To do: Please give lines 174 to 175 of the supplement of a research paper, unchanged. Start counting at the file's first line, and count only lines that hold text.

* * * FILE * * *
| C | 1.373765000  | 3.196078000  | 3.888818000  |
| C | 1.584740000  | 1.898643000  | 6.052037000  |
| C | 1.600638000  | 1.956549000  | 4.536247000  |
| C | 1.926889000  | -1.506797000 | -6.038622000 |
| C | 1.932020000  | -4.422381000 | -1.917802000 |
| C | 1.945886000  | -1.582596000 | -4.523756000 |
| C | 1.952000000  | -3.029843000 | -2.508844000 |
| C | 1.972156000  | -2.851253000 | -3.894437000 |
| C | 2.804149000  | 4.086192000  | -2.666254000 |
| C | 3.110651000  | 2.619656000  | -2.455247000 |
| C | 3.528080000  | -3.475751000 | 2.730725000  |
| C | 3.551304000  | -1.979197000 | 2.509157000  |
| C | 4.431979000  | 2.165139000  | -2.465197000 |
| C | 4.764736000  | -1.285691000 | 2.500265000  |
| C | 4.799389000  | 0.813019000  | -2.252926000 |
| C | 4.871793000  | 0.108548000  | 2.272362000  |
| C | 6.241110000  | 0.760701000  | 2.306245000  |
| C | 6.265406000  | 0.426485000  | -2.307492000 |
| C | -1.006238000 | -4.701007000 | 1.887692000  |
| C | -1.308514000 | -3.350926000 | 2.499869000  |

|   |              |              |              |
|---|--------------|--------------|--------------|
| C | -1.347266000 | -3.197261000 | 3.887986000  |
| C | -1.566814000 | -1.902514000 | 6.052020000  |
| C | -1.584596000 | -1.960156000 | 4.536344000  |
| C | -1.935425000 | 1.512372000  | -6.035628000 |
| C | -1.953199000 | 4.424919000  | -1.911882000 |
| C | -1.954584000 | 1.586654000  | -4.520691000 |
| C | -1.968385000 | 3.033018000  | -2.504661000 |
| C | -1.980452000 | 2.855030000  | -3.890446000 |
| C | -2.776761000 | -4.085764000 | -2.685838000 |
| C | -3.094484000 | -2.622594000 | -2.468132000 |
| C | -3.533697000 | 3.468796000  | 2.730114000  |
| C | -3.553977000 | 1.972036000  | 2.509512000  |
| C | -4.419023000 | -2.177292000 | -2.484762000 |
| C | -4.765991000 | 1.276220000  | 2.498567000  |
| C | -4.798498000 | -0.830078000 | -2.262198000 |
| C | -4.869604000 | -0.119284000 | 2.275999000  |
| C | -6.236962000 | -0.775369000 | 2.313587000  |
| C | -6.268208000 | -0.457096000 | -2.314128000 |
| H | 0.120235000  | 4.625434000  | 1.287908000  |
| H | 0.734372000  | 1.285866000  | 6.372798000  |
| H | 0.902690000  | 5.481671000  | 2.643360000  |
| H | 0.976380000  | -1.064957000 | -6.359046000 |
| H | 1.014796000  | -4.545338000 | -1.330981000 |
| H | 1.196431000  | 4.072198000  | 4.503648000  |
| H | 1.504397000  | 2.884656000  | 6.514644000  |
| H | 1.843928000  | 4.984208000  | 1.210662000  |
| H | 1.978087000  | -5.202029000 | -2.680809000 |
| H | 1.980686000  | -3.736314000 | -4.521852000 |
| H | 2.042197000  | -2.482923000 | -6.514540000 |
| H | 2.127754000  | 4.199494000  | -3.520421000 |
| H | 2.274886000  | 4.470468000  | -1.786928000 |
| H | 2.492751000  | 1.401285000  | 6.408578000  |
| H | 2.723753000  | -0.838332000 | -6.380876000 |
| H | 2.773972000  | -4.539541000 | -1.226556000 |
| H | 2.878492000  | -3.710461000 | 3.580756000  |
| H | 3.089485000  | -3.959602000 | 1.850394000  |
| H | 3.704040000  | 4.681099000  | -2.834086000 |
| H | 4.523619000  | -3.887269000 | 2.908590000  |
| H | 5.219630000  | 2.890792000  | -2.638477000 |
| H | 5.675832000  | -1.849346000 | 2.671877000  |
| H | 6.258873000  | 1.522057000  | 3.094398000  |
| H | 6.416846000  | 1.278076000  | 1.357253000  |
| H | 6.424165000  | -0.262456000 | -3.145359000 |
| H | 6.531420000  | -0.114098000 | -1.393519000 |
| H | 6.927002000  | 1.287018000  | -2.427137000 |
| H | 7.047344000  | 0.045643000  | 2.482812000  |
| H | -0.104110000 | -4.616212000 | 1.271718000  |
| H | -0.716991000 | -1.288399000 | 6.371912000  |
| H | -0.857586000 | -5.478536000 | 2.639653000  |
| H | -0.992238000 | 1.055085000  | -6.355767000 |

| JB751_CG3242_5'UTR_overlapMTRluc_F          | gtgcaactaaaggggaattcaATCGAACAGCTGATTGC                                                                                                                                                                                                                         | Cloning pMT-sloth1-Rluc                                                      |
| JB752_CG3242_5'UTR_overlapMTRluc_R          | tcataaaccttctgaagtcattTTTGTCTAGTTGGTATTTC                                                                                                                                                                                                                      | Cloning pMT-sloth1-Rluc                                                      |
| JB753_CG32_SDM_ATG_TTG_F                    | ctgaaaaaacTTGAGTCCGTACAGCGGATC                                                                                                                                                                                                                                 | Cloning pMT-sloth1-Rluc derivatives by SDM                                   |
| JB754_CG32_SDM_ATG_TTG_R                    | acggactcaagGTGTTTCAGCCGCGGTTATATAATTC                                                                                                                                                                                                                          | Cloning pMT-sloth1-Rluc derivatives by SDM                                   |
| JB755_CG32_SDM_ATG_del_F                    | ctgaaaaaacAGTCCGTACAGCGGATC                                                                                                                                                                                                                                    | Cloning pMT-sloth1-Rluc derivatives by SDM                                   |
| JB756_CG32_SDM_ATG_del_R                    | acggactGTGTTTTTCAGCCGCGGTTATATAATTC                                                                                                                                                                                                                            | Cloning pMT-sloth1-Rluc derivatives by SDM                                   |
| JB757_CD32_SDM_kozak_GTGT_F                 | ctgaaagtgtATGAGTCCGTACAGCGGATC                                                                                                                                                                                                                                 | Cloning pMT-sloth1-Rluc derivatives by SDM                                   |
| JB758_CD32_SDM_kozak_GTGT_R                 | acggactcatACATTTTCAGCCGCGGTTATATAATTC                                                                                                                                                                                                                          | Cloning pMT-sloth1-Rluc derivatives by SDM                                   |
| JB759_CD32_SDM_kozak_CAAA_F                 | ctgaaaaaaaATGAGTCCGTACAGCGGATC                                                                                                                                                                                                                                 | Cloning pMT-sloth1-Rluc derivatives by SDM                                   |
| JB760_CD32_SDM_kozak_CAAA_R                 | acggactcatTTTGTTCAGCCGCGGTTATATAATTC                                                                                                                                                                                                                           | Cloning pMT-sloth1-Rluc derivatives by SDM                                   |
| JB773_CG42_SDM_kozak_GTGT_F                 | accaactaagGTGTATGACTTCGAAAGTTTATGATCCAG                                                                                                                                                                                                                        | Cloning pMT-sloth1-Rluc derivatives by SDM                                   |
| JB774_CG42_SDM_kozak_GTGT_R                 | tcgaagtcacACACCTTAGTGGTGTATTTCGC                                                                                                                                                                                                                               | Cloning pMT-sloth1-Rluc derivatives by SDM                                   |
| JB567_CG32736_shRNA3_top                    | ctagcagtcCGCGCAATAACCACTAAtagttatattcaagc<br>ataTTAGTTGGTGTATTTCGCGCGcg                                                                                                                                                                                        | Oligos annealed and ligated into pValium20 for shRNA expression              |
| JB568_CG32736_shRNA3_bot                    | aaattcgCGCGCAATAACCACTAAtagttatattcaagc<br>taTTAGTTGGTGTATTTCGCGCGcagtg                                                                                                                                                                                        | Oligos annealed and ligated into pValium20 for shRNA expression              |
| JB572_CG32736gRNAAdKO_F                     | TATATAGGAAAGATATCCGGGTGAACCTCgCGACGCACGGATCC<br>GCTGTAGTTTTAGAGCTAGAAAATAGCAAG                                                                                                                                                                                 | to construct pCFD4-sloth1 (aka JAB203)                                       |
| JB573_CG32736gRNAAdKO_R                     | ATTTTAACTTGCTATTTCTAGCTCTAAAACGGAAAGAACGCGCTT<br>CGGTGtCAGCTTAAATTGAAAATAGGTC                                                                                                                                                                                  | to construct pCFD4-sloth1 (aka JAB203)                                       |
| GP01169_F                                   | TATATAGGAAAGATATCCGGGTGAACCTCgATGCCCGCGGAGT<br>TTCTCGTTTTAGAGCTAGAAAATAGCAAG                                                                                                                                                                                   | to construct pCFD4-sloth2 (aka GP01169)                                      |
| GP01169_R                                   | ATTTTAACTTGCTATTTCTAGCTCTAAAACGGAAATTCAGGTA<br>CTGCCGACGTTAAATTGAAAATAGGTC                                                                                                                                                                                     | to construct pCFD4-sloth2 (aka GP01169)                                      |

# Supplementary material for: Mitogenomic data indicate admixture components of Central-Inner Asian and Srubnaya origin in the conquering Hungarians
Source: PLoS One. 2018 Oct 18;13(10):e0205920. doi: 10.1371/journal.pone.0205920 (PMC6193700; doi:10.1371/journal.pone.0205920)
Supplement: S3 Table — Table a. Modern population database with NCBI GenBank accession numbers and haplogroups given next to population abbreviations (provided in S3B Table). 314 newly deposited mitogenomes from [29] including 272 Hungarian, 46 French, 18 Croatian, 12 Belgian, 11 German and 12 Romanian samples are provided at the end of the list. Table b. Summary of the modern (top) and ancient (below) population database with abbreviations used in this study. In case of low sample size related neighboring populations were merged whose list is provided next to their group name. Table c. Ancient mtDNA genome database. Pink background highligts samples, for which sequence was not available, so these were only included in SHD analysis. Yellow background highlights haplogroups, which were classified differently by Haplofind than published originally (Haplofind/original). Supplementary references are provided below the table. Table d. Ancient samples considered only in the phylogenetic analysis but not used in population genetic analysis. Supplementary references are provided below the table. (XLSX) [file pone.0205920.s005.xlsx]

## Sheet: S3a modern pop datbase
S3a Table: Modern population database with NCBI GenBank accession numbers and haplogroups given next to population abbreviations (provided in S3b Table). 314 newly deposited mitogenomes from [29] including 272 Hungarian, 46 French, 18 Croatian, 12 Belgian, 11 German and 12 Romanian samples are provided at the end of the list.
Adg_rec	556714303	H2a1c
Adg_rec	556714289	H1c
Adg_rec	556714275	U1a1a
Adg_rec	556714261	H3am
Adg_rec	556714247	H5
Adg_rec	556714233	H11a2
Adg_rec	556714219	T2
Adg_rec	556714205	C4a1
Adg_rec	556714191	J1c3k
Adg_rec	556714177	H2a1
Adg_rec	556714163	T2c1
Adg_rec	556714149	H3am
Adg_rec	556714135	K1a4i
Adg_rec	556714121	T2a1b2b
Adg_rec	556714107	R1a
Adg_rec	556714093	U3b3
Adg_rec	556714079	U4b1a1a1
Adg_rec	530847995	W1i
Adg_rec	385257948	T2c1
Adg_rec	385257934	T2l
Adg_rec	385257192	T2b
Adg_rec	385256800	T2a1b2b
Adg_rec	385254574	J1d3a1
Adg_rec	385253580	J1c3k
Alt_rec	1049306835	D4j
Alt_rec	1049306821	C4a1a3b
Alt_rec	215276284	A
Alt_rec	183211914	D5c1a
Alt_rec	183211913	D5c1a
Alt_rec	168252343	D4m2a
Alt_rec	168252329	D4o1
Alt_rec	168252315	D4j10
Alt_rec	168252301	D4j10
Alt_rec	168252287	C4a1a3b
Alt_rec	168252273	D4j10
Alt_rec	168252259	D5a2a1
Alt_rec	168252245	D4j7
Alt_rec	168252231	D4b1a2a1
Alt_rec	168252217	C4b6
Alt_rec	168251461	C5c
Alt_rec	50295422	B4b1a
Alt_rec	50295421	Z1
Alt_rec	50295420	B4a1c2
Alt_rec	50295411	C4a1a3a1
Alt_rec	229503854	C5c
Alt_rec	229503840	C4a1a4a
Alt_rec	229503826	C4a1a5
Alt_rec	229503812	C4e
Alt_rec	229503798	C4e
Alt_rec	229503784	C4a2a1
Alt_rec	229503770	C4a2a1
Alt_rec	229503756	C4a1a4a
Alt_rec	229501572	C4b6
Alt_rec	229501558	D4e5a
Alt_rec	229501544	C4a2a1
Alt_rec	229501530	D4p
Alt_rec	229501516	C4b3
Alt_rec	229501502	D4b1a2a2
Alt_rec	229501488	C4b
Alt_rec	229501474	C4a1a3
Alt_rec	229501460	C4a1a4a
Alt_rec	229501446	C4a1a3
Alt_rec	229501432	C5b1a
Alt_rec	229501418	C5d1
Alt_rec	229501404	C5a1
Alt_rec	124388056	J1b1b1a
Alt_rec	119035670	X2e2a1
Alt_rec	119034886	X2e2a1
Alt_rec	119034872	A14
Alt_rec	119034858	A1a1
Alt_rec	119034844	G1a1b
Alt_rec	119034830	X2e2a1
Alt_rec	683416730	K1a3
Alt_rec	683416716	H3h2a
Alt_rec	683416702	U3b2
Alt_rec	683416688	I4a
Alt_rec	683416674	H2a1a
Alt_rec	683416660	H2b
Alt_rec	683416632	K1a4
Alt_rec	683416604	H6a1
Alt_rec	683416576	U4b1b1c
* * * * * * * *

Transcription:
Alt_rec	683416632	K1a4
Alt_rec	683416604	H6a1